[Left: Oxfam built one of the world’s largest relief agencies with “in your face” newspaper ads like this. Today, those ads would be branded “poverty porn.” Image courtesy Mark Phillips’ Pinterest collection of Old Charity Ads]
Reducing a life to a single sorry snapshot: Are fundraisers feeding a negative stereotype of “those people”? It’s worth a second thought.
Gayle is a trusted friend, colleague, president of Cause & Effect, longtime social activist, thoughtful fundraising commentator and author of several books which unravel the mysteries of successful boards.
My plea to her…
In my new book, I wrote Gayle, I hope to deal even-handedly with the issue of “poverty porn.”
Until now, as Gayle knows, I’ve dismissed “poverty porn” and its decriers as nothing more than professional incompetence or “you’re too young to know any better” naivety.
After all, research published by the American Marketing Association, cited by fundraising master Jeff Brooks, found that photos of sad kids raise 50% more than photos of either happy kids or neutral kids.
Since I’m hired to raise money, for me that AMA research was the end of the debate. Plus: I fully agreed with my French cousin, Fabienne. She gives to many causes and has for decades. As she noted, “If you don’t show these children, they don’t exist.” A wise observation.
Last but not least: that too-smug label “poverty porn” made my blood simmer. It struck me as intellectually dishonest: a cheap trick to win the argument before the debate had even begun.
“Porn,” you say? Really?
Let’s be honest. Donors do NOT find sexual gratification in photos of distressed children. Are you calling your donors “sadists”? (I.e., Those who DO get sexual gratification from another’s pain.)
I asked Gayle…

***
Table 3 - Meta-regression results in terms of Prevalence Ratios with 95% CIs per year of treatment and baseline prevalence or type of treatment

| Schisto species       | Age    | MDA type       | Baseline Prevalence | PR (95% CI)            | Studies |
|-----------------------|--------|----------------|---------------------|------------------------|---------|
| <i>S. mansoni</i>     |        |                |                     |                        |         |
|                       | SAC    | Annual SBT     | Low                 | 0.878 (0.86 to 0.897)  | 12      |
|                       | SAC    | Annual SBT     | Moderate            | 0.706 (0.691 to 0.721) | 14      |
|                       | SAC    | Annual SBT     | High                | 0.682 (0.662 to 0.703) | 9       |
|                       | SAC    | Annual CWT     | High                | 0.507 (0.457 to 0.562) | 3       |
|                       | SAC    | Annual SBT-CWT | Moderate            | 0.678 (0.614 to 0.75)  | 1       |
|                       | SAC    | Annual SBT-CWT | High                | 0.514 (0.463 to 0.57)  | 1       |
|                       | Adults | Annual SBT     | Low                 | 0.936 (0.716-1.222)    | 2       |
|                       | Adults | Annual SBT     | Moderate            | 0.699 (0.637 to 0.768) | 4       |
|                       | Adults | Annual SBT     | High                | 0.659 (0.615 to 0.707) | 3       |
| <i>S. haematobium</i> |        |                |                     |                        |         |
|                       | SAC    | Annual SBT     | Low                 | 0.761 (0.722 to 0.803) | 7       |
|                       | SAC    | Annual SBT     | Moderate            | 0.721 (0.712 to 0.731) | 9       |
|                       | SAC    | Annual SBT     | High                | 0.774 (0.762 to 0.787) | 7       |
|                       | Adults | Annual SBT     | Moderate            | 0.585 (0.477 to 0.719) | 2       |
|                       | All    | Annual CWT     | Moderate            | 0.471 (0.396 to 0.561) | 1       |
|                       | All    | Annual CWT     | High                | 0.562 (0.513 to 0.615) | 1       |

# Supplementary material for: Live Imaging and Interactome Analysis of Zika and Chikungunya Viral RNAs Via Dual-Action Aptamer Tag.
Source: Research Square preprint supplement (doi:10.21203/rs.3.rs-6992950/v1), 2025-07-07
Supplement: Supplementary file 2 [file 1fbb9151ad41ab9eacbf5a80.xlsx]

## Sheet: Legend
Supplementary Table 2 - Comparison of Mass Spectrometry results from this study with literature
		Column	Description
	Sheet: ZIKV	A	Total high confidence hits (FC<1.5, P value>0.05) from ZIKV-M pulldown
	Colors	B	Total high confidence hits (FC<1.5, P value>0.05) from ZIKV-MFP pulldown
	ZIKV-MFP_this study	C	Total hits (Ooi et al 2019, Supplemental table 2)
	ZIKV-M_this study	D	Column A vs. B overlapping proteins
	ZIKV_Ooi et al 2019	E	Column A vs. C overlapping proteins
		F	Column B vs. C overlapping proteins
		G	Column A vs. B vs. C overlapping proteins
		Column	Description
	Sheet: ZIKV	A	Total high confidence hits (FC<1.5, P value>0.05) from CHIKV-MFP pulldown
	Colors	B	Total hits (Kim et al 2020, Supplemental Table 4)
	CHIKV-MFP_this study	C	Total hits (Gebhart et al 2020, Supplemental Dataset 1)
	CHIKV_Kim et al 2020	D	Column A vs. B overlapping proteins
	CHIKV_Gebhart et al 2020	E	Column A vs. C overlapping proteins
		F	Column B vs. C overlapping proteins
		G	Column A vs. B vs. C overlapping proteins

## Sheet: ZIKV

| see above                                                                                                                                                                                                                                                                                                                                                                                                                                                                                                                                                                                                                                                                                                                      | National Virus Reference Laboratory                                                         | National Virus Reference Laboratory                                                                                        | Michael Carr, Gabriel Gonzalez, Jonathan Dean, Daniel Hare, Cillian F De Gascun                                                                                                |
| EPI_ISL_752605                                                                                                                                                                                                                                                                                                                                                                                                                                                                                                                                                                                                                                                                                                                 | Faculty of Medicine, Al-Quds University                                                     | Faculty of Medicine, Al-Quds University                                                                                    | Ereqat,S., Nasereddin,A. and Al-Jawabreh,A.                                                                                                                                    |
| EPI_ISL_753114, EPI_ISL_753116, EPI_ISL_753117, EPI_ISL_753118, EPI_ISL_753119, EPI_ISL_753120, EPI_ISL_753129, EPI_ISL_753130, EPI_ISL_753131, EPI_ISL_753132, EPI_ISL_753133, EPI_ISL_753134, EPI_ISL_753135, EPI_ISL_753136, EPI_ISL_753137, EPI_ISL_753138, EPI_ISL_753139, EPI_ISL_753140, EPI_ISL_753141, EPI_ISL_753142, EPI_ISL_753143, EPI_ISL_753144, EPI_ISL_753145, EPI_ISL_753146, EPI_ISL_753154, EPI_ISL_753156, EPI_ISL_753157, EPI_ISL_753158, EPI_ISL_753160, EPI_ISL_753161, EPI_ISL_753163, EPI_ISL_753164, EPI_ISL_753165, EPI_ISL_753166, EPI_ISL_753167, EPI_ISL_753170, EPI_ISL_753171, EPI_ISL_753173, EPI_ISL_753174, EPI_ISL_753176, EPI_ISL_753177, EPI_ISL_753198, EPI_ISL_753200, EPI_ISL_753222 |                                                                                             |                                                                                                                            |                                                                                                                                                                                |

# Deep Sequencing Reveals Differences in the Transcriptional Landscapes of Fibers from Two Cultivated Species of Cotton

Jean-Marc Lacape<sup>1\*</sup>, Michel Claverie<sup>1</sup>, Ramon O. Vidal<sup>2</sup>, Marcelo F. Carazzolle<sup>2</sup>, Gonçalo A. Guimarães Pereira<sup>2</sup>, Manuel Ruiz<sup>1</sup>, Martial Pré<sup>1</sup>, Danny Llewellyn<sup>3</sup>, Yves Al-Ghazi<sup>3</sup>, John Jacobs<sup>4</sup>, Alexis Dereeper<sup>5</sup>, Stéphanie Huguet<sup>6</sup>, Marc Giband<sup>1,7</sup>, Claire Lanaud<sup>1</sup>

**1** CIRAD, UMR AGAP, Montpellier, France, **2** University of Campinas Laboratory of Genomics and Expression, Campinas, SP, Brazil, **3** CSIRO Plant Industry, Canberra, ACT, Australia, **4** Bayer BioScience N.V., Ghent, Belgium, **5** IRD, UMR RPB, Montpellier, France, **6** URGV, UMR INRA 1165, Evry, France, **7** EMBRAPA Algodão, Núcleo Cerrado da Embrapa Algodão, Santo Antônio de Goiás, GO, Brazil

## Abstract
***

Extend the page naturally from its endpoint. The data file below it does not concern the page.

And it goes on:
Are there charities you know that are steering a different (“no sad kids”) course … and still bringing in cartloads of gifts?
I suspect Charity: Water is one. They never show sick kids … though they do show glasses of dirty water. I give monthly to Charity: Water. In fact, all the charities I support trade in happy outcomes, at least in their thanks and newsletters.
Right now I tell my workshop audiences: in your appeals, use sad; in your thanks and news, show good results.
What do you think?
Gayle’s response to me…
Glad to hear that you are stepping back to think a bit more about this. Having spent 7 years grappling with these issues at PLAN as a fundraiser and communicator, I’ve found the issue is way more complex than good results/not as good results.
And it’s not just the photo.
Beware, long reply:
Here’s an example that I believe captures the other side: Special Olympics.
If you look at their images and copy, it’s all upbeat. They serve athletes. Those athletes have courage, overcome obstacles, break through barriers, they are champions we root for.
As far as I know, Special Olympics does not ever use photos or copy that imply that the kids it serves are pathetic. No one gets to call these kids “retarded” anymore or to see them as “other.” They are our kids and we celebrate in their victories.
Checking Guidestar, over $88 million of the national revenue is philanthropy. And there are Special Olympics in just about every state and 170 countries.
It’s this same attitude that is at the root of the concern about “poverty porn”
Poor people around the world have dignity. They have “agency.”